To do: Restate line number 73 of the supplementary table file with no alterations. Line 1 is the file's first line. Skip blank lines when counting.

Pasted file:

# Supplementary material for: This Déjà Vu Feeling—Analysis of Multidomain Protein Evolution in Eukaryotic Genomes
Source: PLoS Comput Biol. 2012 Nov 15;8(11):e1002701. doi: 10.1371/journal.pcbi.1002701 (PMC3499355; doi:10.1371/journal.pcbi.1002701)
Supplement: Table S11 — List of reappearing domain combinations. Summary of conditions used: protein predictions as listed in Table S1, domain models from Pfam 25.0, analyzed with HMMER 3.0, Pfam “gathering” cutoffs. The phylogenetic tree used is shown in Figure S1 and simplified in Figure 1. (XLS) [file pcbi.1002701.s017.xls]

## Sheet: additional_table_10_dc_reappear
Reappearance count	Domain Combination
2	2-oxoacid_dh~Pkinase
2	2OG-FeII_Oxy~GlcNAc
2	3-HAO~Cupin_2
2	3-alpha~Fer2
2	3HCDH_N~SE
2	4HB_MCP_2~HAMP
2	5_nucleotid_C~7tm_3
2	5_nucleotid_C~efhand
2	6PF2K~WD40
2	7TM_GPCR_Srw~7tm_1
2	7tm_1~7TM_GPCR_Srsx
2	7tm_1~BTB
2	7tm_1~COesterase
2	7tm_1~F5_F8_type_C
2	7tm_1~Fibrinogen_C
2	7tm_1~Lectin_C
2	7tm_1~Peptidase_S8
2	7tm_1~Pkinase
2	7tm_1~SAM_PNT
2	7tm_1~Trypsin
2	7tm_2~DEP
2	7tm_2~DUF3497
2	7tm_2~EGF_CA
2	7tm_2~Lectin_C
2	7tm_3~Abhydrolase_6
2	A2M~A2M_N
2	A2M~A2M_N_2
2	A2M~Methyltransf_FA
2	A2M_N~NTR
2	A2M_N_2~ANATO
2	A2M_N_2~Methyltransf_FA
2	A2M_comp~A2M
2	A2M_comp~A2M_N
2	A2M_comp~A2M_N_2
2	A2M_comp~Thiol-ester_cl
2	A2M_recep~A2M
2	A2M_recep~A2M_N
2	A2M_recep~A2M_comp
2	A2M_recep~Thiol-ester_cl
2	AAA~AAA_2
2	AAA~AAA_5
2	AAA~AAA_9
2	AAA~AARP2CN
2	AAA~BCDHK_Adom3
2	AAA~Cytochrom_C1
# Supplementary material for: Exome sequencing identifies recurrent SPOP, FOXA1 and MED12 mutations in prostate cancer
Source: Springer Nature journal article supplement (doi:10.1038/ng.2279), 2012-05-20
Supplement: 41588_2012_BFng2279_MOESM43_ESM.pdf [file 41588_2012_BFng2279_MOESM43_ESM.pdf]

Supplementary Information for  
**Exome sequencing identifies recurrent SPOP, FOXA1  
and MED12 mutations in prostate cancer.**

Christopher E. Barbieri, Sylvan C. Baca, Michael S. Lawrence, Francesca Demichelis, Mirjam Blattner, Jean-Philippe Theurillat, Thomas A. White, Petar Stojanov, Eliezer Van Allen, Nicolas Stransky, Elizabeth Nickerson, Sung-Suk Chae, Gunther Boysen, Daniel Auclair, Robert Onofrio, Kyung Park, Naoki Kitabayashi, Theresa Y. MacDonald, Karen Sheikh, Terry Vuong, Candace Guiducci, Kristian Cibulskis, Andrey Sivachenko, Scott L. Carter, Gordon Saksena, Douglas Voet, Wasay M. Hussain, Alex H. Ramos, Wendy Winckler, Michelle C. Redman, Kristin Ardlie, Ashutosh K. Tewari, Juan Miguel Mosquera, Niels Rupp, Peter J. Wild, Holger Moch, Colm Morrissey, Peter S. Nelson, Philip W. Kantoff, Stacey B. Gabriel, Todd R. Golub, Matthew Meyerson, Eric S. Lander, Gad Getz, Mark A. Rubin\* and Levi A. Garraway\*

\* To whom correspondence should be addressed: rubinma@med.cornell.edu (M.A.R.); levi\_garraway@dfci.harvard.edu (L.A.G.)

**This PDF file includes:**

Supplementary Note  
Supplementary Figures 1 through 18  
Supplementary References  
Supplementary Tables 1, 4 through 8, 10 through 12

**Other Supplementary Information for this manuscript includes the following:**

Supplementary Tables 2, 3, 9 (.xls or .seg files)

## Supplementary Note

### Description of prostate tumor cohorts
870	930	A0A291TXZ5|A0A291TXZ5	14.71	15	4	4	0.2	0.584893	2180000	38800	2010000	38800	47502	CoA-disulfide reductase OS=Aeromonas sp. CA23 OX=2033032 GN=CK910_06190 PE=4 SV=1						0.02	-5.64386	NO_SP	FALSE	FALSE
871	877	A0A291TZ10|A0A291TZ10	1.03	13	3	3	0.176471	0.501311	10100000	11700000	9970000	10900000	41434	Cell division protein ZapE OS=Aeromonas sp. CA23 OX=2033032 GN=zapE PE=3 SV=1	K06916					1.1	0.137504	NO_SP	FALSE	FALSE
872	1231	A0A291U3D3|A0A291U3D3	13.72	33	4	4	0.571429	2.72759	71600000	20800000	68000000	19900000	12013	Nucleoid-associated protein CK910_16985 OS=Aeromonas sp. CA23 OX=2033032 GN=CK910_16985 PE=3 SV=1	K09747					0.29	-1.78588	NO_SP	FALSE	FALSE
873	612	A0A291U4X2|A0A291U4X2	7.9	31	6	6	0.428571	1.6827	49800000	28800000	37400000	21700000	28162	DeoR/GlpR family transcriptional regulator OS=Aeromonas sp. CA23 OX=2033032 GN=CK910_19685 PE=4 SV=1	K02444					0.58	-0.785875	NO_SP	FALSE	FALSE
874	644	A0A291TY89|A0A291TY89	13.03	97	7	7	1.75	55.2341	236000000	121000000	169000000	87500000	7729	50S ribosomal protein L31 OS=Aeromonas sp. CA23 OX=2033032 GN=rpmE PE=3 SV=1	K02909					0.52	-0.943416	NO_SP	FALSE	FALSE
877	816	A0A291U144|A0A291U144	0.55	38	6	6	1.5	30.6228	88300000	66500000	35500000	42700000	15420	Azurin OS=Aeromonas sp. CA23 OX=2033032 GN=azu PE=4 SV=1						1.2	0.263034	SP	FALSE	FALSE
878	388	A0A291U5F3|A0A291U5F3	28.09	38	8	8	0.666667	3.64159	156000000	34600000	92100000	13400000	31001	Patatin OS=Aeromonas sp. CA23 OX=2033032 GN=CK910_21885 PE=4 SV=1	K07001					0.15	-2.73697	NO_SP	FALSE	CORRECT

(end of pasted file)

877	816	A0A291U144|A0A291U144	0.55	38	6	6	1.5	30.6228	88300000	66500000	35500000	42700000	15420	Azurin OS=Aeromonas sp. CA23 OX=2033032 GN=azu PE=4 SV=1						1.2	0.263034	SP	FALSE	FALSE